There’s an old saying among Pacific Northwest salmon anglers that goes like this: People who don’t get skunked, don’t fish.
It’s the nature of the sport. Just because you put your worm in the water does not necessarily mean you’re going to get a bite, especially by a primo summertime mature Chinook or coho salmon.
Now that October is here, it makes some sense to look back at the thumbs up or thumbs down of our recent summer salmon fishing season.
The process goes back to at least March when the Washington Department of Fish and Wildlife (WDFW) released its 2016 Chinook and coho salmon forecasts on a river by river basis. As you may recall, there were plenty of chuckholes for both species, especially coho salmon, as many of us attempted to lay out a battle plan for summer fishing trips.
First and foremost, the entire fishing season was at risk last spring due to a lack of agreement on the Chinook and coho harvest package between the state, tribes, and Feds (NOAA Fisheries). Finally, as the result of significant pushing and shoving in the political arena between the three groups, a sport fishing package was realized, thanks to the new WDFW Director Jim Unsworth. If it was up to NOAA Fisheries, we would all be golfing and bowling this past summer. Make you feel good about paying your federal income tax? Their support of Washington’s sport fishing industry was like looking for jackrabbits on Pluto. Get my drift?
Once fisheries began to open, slowly but surely during July and into August, I observed more disappointment than chest pumping. Sure, there were short-lived flashes of quality sport salmon fishing in all marine waters, but in the bigger picture, the summer of 2016 was disappointing, particularly for Chinook.
The granddaddy of our summer salmon fishing has become the great fishery at the mouth of the Columbia, as I have shared in this space for years. Washington and Oregon salmon managers heralded a Chinook salmon run of over 900,000 this year, the fourth largest run size since counting the passage of Chinook salmon over Bonneville Dam began in 1938. Anglers from all over the West licked their chops, only to be dealt chicken bones without the meat. The last stats I studied in mid/late August suggested one Chinook for every 10 anglers. And if that stat didn’t induce choking, try one coho salmon for every 20 anglers. Once again, bowling is an option.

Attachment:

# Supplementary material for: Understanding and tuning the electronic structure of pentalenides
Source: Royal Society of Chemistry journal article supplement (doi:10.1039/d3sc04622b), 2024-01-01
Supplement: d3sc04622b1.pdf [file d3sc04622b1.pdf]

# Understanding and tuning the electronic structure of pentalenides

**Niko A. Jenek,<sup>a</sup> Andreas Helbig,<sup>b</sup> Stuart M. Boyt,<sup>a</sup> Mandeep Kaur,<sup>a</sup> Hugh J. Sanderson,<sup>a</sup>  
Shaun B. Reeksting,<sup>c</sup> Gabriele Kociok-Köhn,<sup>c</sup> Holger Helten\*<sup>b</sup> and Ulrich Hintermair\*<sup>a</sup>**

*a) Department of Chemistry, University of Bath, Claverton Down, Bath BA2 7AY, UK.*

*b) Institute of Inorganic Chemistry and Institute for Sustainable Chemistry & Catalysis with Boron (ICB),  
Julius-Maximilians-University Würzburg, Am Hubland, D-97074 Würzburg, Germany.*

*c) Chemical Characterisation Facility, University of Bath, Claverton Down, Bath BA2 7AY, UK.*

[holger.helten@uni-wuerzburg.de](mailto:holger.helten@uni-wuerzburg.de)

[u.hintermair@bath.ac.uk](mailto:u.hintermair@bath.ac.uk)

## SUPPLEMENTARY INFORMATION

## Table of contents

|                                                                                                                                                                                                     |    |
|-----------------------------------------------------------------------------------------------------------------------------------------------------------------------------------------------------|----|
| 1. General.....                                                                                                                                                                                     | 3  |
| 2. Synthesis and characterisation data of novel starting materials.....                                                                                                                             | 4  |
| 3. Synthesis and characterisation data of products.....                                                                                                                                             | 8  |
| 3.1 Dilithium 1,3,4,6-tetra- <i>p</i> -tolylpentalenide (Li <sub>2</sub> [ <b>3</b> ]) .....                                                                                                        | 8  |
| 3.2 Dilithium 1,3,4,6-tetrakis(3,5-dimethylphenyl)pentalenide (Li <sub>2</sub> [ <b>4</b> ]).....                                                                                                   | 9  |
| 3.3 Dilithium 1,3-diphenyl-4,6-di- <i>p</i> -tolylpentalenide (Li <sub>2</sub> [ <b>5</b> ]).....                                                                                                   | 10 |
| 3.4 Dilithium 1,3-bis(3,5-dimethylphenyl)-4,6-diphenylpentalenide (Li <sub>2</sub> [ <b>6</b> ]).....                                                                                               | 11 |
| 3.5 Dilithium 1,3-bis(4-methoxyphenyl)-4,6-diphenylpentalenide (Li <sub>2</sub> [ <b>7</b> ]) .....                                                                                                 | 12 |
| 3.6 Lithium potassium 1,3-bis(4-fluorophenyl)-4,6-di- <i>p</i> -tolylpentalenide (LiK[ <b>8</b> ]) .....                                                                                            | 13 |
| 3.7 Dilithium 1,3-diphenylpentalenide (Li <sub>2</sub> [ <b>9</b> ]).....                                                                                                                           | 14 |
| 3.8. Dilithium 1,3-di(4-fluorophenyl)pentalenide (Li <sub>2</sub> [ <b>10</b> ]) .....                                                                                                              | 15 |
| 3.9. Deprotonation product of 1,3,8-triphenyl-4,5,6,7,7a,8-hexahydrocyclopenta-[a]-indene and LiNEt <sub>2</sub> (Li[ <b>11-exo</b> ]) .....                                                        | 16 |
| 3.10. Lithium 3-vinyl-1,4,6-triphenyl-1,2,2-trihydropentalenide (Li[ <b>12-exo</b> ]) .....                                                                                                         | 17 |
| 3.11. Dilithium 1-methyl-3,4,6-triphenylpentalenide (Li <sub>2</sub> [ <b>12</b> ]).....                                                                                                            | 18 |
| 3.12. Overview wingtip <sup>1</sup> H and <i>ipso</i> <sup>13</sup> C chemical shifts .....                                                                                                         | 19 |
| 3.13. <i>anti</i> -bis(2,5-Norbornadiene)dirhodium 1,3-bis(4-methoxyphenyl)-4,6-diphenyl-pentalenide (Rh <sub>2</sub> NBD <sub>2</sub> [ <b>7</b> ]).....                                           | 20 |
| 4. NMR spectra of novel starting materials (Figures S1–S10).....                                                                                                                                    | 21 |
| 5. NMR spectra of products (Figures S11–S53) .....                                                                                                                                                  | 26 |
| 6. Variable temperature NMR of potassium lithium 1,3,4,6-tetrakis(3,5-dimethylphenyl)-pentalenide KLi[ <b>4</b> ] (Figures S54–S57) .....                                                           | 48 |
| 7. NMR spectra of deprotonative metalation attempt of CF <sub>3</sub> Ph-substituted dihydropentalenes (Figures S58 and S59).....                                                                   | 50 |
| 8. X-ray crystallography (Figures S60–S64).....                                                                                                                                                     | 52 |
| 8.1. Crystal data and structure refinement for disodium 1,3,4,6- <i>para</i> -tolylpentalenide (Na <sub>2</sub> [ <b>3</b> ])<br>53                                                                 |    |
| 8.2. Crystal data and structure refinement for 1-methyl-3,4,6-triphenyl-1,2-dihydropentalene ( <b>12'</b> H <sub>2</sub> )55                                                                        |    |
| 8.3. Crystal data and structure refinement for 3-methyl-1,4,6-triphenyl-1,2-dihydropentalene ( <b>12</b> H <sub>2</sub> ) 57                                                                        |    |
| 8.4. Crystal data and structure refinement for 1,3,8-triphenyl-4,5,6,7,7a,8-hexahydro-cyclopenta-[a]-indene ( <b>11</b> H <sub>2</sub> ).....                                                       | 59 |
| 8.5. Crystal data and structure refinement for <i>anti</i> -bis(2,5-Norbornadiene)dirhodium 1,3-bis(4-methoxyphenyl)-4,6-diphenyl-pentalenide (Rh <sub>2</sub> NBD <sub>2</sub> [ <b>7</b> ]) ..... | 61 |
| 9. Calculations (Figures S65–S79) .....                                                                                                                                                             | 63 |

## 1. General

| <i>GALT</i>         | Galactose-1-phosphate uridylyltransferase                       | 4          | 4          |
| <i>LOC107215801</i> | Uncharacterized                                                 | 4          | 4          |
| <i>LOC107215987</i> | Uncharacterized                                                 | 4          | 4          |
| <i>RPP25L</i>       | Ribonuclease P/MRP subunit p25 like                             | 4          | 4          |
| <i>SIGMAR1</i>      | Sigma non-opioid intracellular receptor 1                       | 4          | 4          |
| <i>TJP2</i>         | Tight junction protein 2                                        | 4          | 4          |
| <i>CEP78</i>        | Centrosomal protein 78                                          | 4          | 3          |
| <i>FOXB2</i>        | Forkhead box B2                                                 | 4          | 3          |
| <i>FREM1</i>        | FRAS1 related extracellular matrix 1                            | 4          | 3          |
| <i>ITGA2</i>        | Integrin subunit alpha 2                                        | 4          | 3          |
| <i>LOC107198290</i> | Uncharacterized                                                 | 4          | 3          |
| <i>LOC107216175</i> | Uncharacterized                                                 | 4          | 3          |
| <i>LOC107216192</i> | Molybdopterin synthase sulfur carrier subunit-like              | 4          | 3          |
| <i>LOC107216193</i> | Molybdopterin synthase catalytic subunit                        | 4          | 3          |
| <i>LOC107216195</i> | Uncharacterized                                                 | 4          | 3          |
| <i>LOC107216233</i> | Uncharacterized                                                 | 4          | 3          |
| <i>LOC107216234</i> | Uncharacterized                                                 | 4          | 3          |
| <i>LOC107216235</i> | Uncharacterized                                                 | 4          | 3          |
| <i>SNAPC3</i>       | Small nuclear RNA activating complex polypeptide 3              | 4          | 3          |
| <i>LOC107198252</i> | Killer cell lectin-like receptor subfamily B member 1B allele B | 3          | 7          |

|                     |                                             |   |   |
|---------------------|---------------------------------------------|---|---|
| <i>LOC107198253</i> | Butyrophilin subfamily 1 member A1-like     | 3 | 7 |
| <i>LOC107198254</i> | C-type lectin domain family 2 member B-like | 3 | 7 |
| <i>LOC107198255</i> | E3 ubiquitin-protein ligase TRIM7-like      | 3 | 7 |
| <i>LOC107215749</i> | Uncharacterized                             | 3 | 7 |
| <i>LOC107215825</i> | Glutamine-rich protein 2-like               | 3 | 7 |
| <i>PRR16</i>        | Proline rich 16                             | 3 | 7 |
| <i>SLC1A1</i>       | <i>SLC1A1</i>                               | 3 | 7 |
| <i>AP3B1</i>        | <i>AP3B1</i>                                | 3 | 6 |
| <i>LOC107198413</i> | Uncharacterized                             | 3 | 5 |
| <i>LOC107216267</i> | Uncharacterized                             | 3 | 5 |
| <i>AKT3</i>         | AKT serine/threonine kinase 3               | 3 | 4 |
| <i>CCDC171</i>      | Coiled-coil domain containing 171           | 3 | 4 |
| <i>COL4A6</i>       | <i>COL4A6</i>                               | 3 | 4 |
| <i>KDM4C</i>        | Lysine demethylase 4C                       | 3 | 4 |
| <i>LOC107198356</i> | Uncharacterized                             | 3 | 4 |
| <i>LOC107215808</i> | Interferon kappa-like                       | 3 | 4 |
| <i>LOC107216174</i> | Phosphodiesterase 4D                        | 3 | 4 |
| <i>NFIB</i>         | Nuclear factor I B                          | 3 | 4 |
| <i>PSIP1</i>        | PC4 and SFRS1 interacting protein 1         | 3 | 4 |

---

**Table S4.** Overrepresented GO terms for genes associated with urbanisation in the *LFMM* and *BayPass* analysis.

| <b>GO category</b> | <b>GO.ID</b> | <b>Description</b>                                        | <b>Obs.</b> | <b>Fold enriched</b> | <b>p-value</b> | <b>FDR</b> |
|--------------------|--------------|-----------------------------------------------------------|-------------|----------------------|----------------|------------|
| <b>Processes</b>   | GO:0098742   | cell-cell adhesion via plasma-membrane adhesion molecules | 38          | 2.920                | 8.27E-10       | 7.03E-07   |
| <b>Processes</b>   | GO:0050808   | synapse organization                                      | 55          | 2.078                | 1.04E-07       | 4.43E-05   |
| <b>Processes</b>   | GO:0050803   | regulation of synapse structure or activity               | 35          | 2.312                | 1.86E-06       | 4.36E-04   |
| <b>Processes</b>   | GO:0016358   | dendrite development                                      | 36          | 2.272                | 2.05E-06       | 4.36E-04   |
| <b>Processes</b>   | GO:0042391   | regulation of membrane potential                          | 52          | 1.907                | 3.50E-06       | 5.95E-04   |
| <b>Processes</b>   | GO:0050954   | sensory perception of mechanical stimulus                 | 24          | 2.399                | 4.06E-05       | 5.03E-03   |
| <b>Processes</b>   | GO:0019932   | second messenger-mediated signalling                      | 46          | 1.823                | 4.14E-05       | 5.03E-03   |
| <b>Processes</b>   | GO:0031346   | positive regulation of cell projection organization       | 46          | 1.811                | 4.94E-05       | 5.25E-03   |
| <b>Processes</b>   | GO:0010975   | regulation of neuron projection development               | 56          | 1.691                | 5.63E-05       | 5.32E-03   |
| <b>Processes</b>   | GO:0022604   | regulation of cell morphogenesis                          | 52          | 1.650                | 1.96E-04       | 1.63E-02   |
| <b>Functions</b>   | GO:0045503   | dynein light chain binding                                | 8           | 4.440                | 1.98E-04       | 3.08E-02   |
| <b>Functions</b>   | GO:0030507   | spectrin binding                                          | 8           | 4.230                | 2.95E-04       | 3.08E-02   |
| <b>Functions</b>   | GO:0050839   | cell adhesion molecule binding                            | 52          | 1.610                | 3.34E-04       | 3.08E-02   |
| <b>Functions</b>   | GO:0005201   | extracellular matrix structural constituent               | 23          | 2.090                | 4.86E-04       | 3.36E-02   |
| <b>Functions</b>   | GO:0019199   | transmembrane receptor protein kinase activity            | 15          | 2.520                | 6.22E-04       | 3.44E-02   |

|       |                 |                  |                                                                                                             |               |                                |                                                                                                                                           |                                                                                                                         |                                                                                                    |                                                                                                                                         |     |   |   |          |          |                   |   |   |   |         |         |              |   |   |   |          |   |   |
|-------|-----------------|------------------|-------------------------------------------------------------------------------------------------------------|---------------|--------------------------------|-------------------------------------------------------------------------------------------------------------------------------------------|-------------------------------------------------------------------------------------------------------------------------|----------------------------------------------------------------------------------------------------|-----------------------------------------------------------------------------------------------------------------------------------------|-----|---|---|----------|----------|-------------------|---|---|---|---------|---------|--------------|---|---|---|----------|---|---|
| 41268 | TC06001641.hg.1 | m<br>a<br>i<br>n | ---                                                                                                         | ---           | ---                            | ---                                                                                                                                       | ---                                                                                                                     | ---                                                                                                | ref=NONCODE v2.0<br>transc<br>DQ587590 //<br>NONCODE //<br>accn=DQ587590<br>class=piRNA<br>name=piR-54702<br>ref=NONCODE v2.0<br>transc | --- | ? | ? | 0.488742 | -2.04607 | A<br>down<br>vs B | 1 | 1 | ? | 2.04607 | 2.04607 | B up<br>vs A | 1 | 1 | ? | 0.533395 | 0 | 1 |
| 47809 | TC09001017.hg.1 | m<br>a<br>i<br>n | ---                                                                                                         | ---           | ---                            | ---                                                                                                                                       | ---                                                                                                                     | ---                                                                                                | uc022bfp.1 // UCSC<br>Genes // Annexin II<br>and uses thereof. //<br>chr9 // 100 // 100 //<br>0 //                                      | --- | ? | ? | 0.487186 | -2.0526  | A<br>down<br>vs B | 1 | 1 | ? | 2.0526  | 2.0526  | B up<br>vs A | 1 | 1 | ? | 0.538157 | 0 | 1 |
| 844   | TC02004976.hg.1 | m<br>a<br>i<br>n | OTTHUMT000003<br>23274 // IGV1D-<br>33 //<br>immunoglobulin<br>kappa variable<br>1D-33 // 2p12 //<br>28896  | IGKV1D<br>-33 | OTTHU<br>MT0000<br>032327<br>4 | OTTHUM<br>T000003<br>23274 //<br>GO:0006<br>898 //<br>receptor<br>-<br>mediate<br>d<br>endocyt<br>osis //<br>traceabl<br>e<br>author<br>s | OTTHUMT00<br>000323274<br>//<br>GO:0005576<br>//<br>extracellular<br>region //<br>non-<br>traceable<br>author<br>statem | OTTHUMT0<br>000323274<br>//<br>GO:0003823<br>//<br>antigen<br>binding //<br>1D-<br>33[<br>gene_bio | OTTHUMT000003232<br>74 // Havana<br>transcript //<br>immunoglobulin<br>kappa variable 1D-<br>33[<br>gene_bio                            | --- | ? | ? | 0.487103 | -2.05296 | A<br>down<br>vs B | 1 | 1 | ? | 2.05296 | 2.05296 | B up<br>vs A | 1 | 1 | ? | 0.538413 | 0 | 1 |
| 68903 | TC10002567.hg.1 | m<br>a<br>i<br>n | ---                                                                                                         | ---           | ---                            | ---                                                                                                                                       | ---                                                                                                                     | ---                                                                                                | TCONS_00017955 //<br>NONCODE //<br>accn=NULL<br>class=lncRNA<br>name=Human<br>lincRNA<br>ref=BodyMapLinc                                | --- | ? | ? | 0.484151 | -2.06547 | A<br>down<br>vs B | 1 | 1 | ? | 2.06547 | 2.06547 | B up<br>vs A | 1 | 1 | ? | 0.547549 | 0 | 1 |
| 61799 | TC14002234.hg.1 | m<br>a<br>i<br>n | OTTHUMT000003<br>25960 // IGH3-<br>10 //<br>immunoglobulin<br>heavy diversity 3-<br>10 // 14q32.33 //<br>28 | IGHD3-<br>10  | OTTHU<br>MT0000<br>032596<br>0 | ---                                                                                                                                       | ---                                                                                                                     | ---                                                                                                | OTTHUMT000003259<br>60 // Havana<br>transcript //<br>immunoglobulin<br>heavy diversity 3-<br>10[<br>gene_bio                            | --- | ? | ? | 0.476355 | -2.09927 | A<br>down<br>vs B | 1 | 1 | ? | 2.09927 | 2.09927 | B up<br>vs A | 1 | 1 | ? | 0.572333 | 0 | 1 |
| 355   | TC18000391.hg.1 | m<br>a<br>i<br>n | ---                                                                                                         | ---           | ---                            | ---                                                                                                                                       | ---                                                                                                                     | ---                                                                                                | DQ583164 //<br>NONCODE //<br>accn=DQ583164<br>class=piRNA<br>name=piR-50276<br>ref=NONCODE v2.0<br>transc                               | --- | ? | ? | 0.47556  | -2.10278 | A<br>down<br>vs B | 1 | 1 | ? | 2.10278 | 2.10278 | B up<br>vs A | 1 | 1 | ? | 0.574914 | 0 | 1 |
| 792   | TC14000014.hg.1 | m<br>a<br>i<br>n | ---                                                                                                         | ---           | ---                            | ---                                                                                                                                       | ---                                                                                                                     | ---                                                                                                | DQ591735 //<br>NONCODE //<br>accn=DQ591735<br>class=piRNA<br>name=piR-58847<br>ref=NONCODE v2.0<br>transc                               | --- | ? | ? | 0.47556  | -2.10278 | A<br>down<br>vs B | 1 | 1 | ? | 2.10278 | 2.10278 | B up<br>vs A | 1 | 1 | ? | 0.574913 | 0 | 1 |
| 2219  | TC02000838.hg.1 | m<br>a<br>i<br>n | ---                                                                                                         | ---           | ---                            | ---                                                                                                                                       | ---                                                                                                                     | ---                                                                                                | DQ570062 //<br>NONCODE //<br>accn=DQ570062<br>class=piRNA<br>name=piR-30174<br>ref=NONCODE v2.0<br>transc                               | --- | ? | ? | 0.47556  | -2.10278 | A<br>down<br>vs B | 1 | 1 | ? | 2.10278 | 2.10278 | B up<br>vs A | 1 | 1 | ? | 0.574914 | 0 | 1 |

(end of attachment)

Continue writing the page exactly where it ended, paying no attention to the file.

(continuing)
So, what happened? Fundamentally, I refuse to stomp on the reputations of biologists who predict salmon survival rates. It is a very tough job working with inexact science. They consider all of the data in this challenging task and make an educated and scientific assumption of marine and freshwater survival. Clearly, the impact of the 2015-16 El Niño, along with the warm water “blob” parked in Pacific Northwest waters, created more havoc for juvenile Chinook and coho salmon attempting to survive these Pacific Ocean phenomena than scientists predicted. If you believed the biologists’ assessment earlier this year, we knew that coho would be coming home like survivors of the Civil War. But many of us did not foresee the same kind of results for Chinook salmon.
So where to now, Kemosabe? From this angler’s corner, I’m regrouping and anticipating fall fishing opportunities, which include a late run of kings, hopefully, on the west side of San Juan Island and the Hood Canal, which has a four-fish limit (two can be Chinook).
Or, think about a few days down at Tillamook through-out October as this region has a very late run of kings which I have been harassing the last week of September. This king salmon fishery is just getting started.
Grays Harbor is another good opportunity in October. Check the rules carefully as the area has been divided into two regions recently with different regulations.
Keep the faith, all you homie salmon fishing junkies. There are still plenty of options to get your worm in the water after a tough summer. I’m off for Grays Harbor and more Tillamook king salmon fishing in October as my smoker is belching the sweetness of apple wood chips doing its magic on fresh salmon. ‘Tis the season. See you on the water.